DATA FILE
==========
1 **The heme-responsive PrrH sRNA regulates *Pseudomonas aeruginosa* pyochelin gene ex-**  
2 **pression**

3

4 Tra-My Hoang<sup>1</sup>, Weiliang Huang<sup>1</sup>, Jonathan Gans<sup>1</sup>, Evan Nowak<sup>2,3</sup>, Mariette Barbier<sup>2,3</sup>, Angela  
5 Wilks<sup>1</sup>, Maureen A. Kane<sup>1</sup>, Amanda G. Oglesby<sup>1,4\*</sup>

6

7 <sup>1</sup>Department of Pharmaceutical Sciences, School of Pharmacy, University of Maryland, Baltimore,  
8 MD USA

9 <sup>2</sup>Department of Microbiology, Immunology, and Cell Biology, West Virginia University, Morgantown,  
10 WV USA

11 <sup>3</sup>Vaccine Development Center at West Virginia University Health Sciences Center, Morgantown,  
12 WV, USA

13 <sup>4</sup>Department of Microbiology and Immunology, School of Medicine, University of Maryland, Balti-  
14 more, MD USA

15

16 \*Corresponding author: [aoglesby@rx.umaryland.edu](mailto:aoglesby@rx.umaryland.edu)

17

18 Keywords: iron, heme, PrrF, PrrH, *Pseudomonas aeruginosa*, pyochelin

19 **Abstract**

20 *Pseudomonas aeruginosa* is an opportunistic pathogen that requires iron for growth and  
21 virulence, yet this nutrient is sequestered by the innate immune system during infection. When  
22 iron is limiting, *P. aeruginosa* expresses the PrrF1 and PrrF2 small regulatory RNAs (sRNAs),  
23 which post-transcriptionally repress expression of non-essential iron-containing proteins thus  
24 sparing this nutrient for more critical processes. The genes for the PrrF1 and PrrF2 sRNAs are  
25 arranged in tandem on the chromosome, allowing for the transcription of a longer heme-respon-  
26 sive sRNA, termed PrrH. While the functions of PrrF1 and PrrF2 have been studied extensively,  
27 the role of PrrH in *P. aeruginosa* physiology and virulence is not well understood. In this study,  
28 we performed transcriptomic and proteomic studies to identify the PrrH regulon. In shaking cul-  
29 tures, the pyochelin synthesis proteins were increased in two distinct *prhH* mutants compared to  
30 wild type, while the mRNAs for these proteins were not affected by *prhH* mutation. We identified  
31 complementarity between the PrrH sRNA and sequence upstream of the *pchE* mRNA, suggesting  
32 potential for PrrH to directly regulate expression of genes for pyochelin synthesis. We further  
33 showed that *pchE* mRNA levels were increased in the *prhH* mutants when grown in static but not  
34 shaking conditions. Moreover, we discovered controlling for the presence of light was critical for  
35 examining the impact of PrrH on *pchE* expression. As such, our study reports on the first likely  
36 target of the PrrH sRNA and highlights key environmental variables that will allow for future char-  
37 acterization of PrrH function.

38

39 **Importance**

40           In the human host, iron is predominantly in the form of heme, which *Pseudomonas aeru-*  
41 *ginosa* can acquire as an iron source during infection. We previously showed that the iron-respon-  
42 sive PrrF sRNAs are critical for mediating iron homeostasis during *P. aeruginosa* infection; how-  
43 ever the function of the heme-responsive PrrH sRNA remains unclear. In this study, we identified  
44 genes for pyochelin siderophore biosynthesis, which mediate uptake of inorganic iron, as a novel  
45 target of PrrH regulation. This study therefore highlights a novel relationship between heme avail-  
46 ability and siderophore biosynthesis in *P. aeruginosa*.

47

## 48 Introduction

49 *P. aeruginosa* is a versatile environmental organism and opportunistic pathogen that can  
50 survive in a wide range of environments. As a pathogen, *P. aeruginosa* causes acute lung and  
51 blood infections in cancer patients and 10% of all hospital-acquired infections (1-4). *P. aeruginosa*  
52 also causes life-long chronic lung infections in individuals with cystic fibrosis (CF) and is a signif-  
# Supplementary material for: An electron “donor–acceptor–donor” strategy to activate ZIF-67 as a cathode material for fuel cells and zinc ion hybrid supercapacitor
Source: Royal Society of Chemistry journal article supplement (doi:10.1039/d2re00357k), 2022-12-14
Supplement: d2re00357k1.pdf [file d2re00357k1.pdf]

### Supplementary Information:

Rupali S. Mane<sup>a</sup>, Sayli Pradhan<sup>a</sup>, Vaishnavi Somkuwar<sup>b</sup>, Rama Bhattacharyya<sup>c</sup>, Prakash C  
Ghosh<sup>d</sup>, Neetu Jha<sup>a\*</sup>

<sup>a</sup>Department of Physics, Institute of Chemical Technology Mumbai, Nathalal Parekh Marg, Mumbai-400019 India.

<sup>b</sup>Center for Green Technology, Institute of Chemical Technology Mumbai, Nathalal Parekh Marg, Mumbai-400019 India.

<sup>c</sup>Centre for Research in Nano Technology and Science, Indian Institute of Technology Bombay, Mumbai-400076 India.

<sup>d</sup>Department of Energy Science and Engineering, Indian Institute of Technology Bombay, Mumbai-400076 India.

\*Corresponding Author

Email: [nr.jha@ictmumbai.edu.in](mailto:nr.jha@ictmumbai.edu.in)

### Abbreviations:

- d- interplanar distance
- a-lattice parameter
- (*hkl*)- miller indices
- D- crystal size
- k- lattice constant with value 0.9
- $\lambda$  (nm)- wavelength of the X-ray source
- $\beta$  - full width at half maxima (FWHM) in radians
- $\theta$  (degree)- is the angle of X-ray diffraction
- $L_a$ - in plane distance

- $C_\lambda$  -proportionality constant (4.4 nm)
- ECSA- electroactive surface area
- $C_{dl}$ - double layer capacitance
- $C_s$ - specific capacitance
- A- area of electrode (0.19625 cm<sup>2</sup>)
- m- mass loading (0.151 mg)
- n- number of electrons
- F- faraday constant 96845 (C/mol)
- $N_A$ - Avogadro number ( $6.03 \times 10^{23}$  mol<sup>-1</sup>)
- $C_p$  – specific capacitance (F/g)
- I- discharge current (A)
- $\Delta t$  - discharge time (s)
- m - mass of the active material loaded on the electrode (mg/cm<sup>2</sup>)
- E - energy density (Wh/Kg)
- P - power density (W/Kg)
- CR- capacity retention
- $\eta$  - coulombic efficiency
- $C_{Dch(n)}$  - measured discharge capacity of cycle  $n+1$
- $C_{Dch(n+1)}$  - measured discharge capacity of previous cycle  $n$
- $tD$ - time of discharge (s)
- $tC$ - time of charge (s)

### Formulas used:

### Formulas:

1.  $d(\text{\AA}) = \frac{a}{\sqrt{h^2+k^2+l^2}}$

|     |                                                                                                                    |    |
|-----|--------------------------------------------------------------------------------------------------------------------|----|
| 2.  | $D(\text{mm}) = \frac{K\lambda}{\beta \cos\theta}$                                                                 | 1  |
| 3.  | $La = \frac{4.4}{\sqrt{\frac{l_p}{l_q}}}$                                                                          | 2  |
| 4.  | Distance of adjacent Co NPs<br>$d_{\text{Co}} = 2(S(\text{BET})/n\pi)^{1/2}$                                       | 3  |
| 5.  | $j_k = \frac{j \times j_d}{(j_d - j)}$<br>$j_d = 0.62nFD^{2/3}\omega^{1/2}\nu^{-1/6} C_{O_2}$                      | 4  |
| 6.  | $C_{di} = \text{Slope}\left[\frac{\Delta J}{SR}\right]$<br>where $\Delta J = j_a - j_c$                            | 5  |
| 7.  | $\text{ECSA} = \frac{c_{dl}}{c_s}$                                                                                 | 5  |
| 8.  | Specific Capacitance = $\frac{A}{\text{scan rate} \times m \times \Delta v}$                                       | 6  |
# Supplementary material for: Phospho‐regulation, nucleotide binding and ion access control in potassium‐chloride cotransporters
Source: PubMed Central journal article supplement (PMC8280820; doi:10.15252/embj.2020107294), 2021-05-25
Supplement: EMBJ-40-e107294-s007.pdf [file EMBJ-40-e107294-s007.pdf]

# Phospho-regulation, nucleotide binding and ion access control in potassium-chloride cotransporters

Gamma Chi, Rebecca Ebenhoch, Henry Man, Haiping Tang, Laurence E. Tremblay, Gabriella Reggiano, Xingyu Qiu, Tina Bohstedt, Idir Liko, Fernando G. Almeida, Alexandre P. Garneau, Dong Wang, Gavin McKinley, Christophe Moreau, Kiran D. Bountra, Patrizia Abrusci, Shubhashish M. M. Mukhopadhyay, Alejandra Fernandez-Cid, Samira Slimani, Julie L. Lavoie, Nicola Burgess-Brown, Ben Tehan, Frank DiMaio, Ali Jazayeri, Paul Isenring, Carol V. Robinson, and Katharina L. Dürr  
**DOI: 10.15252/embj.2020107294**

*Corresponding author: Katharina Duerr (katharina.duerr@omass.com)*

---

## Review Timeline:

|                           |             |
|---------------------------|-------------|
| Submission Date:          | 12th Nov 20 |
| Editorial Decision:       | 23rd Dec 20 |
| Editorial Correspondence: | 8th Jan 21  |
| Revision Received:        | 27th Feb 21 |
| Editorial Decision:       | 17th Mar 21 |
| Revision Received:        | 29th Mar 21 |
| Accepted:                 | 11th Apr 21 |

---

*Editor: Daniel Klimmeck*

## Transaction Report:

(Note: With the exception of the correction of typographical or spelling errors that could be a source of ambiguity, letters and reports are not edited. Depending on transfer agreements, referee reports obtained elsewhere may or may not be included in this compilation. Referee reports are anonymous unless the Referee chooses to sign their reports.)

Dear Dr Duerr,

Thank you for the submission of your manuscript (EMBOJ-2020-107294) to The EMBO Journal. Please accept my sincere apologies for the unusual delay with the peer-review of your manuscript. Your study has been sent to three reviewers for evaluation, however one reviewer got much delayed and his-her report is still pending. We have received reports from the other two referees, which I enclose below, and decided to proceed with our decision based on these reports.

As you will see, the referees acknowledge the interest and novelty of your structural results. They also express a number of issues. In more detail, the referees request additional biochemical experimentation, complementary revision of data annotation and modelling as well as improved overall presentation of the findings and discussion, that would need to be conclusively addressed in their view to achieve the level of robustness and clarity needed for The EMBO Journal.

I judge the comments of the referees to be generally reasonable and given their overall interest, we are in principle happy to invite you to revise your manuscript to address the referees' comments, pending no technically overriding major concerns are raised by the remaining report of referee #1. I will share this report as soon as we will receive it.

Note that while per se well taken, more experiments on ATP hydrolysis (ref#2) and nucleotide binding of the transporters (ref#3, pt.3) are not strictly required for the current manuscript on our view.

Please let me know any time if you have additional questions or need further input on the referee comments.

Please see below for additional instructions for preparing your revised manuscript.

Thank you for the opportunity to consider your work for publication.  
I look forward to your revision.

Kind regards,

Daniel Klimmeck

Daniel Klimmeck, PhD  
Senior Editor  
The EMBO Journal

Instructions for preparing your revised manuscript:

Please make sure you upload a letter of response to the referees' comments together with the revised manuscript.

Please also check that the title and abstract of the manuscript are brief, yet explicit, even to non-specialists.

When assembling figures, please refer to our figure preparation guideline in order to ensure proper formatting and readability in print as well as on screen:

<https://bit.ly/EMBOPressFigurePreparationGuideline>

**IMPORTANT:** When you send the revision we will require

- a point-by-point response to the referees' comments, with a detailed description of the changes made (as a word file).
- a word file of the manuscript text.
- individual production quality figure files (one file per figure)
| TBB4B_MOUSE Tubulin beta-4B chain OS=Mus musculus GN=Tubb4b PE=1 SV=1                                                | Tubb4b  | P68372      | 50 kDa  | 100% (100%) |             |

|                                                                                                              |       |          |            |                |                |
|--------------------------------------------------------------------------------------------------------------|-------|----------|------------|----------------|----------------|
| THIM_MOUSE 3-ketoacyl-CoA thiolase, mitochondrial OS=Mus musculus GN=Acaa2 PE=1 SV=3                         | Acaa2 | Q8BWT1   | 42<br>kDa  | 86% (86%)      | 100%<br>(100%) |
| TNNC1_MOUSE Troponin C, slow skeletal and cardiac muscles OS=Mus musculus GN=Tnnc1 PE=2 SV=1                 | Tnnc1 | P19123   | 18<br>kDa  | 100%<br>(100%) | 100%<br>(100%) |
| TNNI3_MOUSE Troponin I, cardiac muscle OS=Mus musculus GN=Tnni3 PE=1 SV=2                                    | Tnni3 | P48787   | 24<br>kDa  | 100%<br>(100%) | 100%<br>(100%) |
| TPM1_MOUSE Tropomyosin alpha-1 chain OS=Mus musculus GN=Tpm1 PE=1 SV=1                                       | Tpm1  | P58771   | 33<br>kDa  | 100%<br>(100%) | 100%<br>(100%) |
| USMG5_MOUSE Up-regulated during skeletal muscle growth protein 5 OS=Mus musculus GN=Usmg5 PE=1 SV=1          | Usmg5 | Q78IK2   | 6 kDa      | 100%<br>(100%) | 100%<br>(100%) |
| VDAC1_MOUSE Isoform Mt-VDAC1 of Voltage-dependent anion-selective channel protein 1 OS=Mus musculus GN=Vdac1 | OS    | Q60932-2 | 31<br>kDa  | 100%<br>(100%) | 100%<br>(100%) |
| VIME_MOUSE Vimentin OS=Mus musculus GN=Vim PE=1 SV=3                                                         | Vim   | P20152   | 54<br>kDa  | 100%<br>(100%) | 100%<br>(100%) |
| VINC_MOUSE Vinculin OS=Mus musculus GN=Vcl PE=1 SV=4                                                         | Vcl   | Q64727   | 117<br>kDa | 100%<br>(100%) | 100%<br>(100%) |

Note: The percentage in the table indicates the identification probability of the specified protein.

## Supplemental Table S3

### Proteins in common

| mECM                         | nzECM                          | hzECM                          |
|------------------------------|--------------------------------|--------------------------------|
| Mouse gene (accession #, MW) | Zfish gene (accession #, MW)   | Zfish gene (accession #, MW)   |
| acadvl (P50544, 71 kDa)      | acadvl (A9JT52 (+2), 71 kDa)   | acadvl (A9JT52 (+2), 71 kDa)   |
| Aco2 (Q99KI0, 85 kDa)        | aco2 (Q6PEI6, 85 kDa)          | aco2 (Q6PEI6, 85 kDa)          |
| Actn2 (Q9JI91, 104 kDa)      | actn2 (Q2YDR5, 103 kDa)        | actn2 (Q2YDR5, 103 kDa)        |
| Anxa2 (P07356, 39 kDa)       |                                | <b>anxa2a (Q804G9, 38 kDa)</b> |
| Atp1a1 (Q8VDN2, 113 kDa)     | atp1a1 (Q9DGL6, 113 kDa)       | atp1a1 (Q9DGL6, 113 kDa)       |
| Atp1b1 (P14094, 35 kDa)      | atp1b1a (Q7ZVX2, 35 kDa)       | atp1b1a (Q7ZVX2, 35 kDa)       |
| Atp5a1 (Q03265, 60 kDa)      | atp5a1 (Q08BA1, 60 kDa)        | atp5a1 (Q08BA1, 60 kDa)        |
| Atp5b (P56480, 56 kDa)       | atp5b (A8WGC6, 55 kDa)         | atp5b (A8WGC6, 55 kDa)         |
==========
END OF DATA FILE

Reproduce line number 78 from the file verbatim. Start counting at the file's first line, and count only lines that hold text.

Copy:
- $C_s$ - specific capacitance